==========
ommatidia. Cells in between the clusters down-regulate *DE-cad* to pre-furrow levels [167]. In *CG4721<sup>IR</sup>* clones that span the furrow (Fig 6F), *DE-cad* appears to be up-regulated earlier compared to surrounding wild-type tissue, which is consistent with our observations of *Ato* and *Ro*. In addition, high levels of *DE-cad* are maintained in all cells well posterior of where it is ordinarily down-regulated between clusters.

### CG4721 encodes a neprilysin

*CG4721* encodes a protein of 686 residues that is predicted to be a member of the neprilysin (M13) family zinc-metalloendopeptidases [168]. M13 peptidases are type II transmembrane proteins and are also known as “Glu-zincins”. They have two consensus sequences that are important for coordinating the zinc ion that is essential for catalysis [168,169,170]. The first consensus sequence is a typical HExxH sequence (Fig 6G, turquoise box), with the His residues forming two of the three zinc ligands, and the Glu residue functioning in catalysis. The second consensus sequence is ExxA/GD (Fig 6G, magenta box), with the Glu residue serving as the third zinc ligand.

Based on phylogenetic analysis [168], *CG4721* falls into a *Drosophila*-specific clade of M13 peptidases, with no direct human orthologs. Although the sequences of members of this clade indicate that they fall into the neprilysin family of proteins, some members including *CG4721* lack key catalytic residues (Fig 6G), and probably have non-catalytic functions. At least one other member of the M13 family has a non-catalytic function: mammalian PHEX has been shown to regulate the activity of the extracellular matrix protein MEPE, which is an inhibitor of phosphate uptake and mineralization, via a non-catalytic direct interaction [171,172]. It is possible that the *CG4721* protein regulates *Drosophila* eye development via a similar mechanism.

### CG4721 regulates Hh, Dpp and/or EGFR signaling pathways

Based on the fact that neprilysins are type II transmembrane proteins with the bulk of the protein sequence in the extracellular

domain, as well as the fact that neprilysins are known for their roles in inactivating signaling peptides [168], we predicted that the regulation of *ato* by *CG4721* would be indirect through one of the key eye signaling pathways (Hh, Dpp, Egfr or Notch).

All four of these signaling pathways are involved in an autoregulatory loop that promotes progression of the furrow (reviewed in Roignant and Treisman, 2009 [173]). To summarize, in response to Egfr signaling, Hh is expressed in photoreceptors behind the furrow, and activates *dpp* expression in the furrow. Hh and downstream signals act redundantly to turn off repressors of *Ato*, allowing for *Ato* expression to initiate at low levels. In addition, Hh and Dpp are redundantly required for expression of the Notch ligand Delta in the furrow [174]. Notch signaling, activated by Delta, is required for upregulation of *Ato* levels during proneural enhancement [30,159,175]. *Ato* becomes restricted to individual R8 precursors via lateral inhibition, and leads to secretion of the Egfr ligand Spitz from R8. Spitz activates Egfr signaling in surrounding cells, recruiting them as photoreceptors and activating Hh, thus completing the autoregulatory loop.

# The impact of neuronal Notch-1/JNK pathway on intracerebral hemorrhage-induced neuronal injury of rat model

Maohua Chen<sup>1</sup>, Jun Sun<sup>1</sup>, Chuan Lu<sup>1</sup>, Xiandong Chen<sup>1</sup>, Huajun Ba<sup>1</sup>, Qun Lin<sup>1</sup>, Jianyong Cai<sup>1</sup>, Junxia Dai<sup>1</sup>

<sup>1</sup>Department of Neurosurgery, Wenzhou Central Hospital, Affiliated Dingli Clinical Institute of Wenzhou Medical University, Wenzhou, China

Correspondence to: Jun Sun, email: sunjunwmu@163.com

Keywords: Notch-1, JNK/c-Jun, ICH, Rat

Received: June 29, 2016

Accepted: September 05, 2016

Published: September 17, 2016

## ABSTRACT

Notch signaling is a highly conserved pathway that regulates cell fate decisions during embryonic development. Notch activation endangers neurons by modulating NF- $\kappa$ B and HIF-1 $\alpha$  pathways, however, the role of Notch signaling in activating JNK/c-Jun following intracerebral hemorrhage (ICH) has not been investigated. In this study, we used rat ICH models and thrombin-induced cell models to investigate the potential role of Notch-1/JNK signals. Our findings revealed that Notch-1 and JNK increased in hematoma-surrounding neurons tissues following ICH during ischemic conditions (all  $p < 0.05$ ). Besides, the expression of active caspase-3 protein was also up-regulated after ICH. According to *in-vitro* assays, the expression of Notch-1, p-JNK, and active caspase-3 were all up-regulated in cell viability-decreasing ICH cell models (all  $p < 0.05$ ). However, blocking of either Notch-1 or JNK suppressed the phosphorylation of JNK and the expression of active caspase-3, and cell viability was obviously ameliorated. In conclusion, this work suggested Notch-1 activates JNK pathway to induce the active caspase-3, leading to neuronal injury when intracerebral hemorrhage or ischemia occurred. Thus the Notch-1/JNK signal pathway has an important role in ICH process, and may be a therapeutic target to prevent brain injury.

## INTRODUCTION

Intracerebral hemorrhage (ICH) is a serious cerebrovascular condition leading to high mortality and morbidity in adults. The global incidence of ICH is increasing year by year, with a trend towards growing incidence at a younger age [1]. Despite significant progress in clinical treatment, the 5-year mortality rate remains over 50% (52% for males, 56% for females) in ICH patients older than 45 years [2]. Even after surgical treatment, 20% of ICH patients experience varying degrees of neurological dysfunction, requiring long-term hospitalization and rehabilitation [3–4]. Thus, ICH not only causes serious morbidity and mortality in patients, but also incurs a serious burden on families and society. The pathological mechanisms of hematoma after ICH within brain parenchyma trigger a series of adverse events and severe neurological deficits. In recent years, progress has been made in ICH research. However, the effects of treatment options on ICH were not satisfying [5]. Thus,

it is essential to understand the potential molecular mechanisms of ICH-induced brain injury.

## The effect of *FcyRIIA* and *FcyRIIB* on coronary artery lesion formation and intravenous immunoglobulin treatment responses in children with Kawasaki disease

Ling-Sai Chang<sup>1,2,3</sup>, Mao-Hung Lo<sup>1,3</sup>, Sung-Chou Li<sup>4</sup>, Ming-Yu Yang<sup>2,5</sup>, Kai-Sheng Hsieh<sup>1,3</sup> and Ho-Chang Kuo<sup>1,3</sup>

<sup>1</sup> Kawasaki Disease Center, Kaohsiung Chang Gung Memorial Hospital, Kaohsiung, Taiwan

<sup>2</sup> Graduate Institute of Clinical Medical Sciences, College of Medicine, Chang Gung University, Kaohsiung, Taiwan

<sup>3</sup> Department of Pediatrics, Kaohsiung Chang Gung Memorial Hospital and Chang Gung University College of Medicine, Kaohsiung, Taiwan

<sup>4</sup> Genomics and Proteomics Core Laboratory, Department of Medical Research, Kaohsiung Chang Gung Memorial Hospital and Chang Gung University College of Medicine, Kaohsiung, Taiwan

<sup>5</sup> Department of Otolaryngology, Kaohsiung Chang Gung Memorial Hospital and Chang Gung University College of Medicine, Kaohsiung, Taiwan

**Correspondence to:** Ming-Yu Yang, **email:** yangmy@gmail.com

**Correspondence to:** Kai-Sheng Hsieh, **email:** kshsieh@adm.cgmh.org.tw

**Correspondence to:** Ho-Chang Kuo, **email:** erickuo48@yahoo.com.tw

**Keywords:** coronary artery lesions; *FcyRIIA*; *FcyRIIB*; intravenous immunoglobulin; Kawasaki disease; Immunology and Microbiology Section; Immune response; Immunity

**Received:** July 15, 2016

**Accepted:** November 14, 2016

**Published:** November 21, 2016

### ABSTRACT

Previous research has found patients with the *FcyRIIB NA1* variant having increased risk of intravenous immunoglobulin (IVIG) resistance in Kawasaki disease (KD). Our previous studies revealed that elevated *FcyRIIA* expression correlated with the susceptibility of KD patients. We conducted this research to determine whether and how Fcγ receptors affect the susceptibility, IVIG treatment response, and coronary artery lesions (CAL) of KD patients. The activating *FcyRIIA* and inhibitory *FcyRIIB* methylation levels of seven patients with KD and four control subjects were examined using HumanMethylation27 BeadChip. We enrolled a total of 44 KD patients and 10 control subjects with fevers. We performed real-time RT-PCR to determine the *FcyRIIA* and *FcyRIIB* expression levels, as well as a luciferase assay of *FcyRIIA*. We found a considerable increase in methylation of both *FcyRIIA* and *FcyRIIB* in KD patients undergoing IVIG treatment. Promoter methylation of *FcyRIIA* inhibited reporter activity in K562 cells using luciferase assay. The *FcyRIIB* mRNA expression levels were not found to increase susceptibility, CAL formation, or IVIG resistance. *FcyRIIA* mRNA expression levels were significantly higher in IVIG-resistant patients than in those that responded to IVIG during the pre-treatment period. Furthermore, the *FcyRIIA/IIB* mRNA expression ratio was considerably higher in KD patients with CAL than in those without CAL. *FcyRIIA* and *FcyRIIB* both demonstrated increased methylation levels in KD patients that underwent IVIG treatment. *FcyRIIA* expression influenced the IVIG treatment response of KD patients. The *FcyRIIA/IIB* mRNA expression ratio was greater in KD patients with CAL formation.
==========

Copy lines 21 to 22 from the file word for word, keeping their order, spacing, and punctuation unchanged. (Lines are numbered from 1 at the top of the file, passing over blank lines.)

it is essential to understand the potential molecular mechanisms of ICH-induced brain injury.

## The effect of *FcyRIIA* and *FcyRIIB* on coronary artery lesion formation and intravenous immunoglobulin treatment responses in children with Kawasaki disease